On Friday, Chutkow quoted Kennedy’s sister, Eunice Kennedy Shriver, who founded the Special Olympics and railed against public corruption 40 years ago.
Chutkow used one of Kennedy Shriver’s speeches to draw comparisons to corruption in Detroit.
Quoting Kennedy Shriver, Chutkow said:
“These are most bitter days, and yet as our leaders stand revealed, we see not evil men, but shallow and pathetic men.
The final charge against these men, I think, will not be shabby deals, their frantic coverups. No. It will simply be that having been given extraordinary power and opportunity to make life better in this nation and the world, they scarcely tried. Their message was ‘grab what you can and run.’ Let us see if we can make something grow in the desert they left behind.”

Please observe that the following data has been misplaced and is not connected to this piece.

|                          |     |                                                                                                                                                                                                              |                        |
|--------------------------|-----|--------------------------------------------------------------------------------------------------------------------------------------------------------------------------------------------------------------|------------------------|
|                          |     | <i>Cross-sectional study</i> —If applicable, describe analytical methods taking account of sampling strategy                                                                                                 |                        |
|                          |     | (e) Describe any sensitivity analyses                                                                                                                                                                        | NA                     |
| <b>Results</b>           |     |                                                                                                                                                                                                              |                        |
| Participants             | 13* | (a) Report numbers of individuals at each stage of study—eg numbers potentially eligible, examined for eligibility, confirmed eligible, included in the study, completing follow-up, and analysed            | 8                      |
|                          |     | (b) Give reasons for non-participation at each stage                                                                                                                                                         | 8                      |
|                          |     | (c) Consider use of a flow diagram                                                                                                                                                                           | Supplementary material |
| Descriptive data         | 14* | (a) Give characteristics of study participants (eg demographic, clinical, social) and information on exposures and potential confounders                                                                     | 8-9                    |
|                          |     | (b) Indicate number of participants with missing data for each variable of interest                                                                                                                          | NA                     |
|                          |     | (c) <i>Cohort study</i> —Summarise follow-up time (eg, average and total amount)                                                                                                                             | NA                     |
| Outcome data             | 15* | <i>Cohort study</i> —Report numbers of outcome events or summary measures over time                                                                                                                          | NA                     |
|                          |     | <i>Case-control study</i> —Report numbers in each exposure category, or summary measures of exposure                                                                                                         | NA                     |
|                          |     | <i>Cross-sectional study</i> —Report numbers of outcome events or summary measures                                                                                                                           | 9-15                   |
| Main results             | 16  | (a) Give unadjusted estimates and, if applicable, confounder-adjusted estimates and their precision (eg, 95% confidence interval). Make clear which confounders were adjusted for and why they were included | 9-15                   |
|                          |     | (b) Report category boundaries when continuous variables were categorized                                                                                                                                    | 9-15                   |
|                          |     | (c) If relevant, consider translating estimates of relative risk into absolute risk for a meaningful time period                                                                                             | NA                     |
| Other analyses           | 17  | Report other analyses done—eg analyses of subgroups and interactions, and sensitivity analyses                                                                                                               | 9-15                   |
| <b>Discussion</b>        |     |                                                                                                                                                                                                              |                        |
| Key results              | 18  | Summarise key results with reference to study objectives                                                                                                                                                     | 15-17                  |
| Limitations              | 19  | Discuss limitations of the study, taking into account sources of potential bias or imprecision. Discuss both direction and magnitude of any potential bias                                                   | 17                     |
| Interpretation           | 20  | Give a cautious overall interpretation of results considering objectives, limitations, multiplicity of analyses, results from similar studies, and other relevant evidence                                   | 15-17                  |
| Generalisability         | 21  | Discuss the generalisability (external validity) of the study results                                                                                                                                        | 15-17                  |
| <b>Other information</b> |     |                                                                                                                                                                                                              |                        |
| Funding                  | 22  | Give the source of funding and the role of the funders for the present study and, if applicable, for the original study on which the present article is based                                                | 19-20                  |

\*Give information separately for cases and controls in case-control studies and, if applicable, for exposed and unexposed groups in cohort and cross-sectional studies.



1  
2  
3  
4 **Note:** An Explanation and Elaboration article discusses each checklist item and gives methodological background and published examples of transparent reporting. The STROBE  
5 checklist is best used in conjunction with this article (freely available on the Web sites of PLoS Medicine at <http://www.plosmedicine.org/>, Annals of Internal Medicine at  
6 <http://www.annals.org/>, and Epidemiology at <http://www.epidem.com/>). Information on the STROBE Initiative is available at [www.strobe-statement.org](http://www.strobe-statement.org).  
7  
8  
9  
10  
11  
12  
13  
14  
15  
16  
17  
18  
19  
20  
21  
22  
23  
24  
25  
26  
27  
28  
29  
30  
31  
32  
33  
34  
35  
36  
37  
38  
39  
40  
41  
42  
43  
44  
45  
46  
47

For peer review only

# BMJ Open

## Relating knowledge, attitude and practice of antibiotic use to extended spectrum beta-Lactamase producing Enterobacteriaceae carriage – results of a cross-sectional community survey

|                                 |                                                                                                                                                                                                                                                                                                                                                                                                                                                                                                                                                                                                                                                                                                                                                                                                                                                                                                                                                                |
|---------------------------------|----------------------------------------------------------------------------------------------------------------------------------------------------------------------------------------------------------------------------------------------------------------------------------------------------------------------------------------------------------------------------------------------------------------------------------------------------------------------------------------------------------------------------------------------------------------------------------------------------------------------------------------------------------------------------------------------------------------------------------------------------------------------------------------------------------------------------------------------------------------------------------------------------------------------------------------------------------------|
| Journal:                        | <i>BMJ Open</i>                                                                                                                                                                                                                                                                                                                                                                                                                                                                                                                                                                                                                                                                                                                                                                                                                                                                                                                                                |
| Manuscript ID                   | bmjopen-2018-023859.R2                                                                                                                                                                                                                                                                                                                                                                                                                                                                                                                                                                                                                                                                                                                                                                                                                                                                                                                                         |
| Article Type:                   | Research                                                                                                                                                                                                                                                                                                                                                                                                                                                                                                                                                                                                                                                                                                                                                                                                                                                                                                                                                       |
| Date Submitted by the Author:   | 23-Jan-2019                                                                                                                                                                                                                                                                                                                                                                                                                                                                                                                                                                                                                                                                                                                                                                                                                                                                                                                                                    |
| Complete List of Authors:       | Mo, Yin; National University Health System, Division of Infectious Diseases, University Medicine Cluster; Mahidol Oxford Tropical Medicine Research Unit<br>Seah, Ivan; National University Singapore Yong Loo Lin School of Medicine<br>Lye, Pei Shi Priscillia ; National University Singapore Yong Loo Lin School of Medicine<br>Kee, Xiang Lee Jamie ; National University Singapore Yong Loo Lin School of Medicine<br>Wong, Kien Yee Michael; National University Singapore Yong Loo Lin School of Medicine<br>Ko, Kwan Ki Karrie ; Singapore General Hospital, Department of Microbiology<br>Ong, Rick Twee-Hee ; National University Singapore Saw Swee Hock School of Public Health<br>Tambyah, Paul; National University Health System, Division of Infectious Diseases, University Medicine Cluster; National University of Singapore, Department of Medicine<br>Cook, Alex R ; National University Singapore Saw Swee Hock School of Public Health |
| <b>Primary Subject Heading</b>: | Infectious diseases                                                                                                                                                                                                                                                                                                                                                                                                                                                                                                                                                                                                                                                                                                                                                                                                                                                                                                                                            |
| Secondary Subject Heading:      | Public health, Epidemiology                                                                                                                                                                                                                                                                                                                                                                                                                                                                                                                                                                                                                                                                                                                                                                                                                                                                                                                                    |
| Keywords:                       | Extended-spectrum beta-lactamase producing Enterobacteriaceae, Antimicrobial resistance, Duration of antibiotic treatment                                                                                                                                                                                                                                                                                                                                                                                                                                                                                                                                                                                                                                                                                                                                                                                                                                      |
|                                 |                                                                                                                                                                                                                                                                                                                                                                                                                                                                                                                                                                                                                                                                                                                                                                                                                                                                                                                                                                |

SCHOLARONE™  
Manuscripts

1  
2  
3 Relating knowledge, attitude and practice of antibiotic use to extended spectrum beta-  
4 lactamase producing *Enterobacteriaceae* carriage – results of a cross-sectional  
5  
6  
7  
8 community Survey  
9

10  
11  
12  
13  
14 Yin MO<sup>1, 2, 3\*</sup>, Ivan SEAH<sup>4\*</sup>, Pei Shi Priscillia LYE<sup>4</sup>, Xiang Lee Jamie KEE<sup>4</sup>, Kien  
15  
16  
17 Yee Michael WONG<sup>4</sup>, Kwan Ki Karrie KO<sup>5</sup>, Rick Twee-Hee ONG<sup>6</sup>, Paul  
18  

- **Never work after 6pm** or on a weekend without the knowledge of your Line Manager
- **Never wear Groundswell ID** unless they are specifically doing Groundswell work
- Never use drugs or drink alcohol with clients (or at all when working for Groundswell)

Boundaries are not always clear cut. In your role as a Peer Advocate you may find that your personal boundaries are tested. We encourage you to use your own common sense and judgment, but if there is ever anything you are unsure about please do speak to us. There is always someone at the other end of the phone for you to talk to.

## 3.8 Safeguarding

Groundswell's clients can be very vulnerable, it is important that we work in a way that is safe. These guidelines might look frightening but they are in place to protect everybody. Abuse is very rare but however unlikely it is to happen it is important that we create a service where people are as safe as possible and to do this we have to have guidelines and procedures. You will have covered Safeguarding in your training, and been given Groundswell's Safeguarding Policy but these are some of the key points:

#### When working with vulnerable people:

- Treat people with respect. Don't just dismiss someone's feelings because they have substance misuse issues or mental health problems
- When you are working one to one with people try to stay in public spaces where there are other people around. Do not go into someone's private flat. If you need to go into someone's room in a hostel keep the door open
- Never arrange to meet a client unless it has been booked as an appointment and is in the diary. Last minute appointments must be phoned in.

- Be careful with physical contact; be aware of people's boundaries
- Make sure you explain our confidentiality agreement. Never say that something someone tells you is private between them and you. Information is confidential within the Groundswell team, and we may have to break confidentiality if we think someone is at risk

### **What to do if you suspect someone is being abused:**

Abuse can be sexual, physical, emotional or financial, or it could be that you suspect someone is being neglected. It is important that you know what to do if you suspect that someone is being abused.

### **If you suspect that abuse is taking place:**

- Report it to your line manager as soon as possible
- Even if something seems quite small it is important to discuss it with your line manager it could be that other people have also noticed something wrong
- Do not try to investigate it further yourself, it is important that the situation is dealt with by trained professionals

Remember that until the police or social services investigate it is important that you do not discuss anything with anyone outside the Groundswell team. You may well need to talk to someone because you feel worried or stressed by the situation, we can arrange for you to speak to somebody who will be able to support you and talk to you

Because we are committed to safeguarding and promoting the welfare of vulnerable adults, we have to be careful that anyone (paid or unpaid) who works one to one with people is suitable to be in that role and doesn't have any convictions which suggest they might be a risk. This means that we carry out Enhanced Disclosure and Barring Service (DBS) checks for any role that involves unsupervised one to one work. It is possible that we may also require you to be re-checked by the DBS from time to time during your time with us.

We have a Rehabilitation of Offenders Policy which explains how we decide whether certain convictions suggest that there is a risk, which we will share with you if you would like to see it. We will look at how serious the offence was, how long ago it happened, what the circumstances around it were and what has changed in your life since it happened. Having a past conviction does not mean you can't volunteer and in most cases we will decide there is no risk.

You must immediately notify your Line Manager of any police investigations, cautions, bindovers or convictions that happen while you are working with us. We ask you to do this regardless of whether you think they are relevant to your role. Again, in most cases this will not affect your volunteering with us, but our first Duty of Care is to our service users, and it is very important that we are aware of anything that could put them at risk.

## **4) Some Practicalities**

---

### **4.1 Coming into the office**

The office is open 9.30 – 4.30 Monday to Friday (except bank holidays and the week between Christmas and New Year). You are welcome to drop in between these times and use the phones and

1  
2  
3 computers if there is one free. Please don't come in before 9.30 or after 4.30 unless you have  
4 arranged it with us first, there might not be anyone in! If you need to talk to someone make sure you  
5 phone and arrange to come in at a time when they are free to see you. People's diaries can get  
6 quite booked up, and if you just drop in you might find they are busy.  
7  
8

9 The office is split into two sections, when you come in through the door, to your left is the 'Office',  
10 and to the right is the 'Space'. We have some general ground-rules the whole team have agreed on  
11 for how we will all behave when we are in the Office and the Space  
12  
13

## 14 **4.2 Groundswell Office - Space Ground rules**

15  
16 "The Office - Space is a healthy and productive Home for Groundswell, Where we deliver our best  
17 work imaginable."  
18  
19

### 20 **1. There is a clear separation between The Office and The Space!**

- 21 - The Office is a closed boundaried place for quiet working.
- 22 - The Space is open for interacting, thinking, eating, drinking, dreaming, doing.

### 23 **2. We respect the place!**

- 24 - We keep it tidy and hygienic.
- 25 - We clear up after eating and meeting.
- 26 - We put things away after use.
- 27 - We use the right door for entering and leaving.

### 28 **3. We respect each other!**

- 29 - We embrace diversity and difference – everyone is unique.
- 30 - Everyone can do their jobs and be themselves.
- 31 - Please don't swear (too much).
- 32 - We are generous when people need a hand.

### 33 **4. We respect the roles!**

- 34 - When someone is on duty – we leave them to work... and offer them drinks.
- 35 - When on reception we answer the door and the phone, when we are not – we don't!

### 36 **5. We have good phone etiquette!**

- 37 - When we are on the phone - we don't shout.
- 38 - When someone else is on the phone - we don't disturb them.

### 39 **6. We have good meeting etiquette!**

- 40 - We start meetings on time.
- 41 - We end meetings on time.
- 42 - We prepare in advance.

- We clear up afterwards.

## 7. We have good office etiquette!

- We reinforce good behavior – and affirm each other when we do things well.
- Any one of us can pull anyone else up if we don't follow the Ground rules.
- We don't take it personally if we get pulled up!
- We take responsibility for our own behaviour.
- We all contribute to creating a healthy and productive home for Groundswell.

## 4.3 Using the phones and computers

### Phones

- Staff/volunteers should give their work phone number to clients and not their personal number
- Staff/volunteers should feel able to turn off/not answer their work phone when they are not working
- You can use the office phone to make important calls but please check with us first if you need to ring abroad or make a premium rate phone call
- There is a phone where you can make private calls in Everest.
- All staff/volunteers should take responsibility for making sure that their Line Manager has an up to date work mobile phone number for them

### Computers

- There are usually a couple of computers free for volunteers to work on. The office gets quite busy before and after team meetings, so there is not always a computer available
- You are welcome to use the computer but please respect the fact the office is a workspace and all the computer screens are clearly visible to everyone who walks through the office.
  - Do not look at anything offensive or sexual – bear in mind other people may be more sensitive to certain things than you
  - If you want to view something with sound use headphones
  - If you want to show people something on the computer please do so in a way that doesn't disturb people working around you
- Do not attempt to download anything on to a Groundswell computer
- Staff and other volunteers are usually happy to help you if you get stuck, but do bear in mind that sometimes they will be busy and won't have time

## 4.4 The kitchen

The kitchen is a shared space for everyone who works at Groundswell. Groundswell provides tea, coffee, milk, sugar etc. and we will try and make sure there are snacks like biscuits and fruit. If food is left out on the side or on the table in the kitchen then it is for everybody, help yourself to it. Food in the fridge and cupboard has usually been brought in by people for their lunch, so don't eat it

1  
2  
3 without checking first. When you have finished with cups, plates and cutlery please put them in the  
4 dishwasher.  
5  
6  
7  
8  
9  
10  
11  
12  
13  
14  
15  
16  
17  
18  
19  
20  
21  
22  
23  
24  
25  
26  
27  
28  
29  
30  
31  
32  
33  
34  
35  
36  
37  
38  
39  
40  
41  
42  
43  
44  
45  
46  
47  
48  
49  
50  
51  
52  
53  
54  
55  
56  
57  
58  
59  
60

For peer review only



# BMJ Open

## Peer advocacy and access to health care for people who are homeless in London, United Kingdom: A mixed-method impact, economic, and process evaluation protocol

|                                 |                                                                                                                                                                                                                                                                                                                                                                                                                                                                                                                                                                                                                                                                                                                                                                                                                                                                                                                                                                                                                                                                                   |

Chutkow also said the Special Olympics was a real nonprofit, unlike the ex-mayor’s alleged personal piggy bank, the Kilpatrick Civic Fund.
Chutkow said Detroit is suffering through its own bitter days, thanks to Kilpatrick, his father Bernard Kilpatrick and Ferguson.
“The scale of corruption was breathtaking,” Chutkow told jurors. “Corruption depends on indifference. We cannot turn away and ignore the corruption that occurred in this city.
“It is time for the former mayor and his accomplices to be held accountable for their crimes,” he continued. “It is past time.
“What you are here to do is assess responsibility for the shameful events that transpired in the city,” he added. “That is something you can do and we are giving you the tools to do it.”